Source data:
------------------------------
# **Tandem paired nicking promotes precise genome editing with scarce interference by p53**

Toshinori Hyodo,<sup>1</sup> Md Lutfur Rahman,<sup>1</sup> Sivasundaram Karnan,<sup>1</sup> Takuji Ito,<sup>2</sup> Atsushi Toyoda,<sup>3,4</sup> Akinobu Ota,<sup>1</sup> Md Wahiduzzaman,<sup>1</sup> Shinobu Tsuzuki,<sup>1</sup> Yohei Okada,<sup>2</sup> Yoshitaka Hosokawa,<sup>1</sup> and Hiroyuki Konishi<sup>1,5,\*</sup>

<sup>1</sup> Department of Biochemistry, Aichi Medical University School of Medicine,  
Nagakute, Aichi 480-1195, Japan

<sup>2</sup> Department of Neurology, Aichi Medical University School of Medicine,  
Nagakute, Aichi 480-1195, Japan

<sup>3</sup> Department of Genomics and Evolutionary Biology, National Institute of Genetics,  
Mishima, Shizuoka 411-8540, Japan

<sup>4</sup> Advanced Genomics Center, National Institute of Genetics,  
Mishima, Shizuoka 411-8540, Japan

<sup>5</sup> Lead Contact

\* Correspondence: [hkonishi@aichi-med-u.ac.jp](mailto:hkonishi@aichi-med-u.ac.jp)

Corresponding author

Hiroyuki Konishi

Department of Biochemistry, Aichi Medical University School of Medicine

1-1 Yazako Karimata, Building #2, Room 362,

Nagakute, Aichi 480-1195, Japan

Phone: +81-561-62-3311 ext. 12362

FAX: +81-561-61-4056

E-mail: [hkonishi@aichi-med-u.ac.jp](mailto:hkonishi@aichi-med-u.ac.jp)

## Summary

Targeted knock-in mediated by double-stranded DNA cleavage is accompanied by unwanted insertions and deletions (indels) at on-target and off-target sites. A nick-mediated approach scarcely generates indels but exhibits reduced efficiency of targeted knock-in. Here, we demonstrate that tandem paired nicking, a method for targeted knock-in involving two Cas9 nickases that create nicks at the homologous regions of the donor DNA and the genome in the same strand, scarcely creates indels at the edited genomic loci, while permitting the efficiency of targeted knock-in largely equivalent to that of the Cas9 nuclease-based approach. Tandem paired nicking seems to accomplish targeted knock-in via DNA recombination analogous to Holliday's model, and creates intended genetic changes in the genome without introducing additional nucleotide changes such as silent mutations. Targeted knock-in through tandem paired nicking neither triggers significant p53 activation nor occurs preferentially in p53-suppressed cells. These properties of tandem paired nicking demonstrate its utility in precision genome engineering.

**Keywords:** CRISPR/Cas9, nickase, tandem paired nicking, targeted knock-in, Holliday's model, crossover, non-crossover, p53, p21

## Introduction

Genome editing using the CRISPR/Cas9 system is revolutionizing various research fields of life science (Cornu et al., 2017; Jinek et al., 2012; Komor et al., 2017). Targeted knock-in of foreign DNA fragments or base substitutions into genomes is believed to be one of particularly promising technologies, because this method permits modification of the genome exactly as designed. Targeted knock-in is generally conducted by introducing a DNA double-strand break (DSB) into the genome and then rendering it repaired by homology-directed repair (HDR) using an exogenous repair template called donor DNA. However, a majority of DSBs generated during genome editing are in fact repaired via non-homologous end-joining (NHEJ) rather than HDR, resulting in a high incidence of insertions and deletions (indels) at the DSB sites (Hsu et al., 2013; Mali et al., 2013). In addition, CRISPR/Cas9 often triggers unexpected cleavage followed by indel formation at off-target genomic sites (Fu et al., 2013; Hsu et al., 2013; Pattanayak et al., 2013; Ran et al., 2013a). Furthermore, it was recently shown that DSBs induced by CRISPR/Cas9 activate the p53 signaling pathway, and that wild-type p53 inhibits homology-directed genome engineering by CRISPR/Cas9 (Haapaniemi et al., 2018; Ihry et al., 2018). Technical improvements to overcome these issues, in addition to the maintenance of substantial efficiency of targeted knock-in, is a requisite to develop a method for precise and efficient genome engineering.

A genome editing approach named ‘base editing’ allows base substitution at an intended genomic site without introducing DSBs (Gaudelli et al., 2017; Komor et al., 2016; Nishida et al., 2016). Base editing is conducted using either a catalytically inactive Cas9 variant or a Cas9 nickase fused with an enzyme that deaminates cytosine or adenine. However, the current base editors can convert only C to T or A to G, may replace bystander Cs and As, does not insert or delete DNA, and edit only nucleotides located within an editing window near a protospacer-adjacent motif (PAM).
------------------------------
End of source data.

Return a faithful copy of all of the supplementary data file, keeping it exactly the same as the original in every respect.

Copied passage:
# **Tandem paired nicking promotes precise genome editing with scarce interference by p53**

Toshinori Hyodo,<sup>1</sup> Md Lutfur Rahman,<sup>1</sup> Sivasundaram Karnan,<sup>1</sup> Takuji Ito,<sup>2</sup> Atsushi Toyoda,<sup>3,4</sup> Akinobu Ota,<sup>1</sup> Md Wahiduzzaman,<sup>1</sup> Shinobu Tsuzuki,<sup>1</sup> Yohei Okada,<sup>2</sup> Yoshitaka Hosokawa,<sup>1</sup> and Hiroyuki Konishi<sup>1,5,\*</sup>

<sup>1</sup> Department of Biochemistry, Aichi Medical University School of Medicine,  
Nagakute, Aichi 480-1195, Japan

<sup>2</sup> Department of Neurology, Aichi Medical University School of Medicine,  
Nagakute, Aichi 480-1195, Japan

<sup>3</sup> Department of Genomics and Evolutionary Biology, National Institute of Genetics,  
Mishima, Shizuoka 411-8540, Japan

<sup>4</sup> Advanced Genomics Center, National Institute of Genetics,  
Mishima, Shizuoka 411-8540, Japan

<sup>5</sup> Lead Contact

\* Correspondence: [hkonishi@aichi-med-u.ac.jp](mailto:hkonishi@aichi-med-u.ac.jp)

Corresponding author

Hiroyuki Konishi

Department of Biochemistry, Aichi Medical University School of Medicine

1-1 Yazako Karimata, Building #2, Room 362,

Nagakute, Aichi 480-1195, Japan

Phone: +81-561-62-3311 ext. 12362

FAX: +81-561-61-4056

E-mail: [hkonishi@aichi-med-u.ac.jp](mailto:hkonishi@aichi-med-u.ac.jp)

## Summary

Targeted knock-in mediated by double-stranded DNA cleavage is accompanied by unwanted insertions and deletions (indels) at on-target and off-target sites. A nick-mediated approach scarcely generates indels but exhibits reduced efficiency of targeted knock-in. Here, we demonstrate that tandem paired nicking, a method for targeted knock-in involving two Cas9 nickases that create nicks at the homologous regions of the donor DNA and the genome in the same strand, scarcely creates indels at the edited genomic loci, while permitting the efficiency of targeted knock-in largely equivalent to that of the Cas9 nuclease-based approach. Tandem paired nicking seems to accomplish targeted knock-in via DNA recombination analogous to Holliday's model, and creates intended genetic changes in the genome without introducing additional nucleotide changes such as silent mutations. Targeted knock-in through tandem paired nicking neither triggers significant p53 activation nor occurs preferentially in p53-suppressed cells. These properties of tandem paired nicking demonstrate its utility in precision genome engineering.

**Keywords:** CRISPR/Cas9, nickase, tandem paired nicking, targeted knock-in, Holliday's model, crossover, non-crossover, p53, p21

## Introduction

Genome editing using the CRISPR/Cas9 system is revolutionizing various research fields of life science (Cornu et al., 2017; Jinek et al., 2012; Komor et al., 2017). Targeted knock-in of foreign DNA fragments or base substitutions into genomes is believed to be one of particularly promising technologies, because this method permits modification of the genome exactly as designed. Targeted knock-in is generally conducted by introducing a DNA double-strand break (DSB) into the genome and then rendering it repaired by homology-directed repair (HDR) using an exogenous repair template called donor DNA. However, a majority of DSBs generated during genome editing are in fact repaired via non-homologous end-joining (NHEJ) rather than HDR, resulting in a high incidence of insertions and deletions (indels) at the DSB sites (Hsu et al., 2013; Mali et al., 2013). In addition, CRISPR/Cas9 often triggers unexpected cleavage followed by indel formation at off-target genomic sites (Fu et al., 2013; Hsu et al., 2013; Pattanayak et al., 2013; Ran et al., 2013a). Furthermore, it was recently shown that DSBs induced by CRISPR/Cas9 activate the p53 signaling pathway, and that wild-type p53 inhibits homology-directed genome engineering by CRISPR/Cas9 (Haapaniemi et al., 2018; Ihry et al., 2018). Technical improvements to overcome these issues, in addition to the maintenance of substantial efficiency of targeted knock-in, is a requisite to develop a method for precise and efficient genome engineering.

A genome editing approach named ‘base editing’ allows base substitution at an intended genomic site without introducing DSBs (Gaudelli et al., 2017; Komor et al., 2016; Nishida et al., 2016). Base editing is conducted using either a catalytically inactive Cas9 variant or a Cas9 nickase fused with an enzyme that deaminates cytosine or adenine. However, the current base editors can convert only C to T or A to G, may replace bystander Cs and As, does not insert or delete DNA, and edit only nucleotides located within an editing window near a protospacer-adjacent motif (PAM).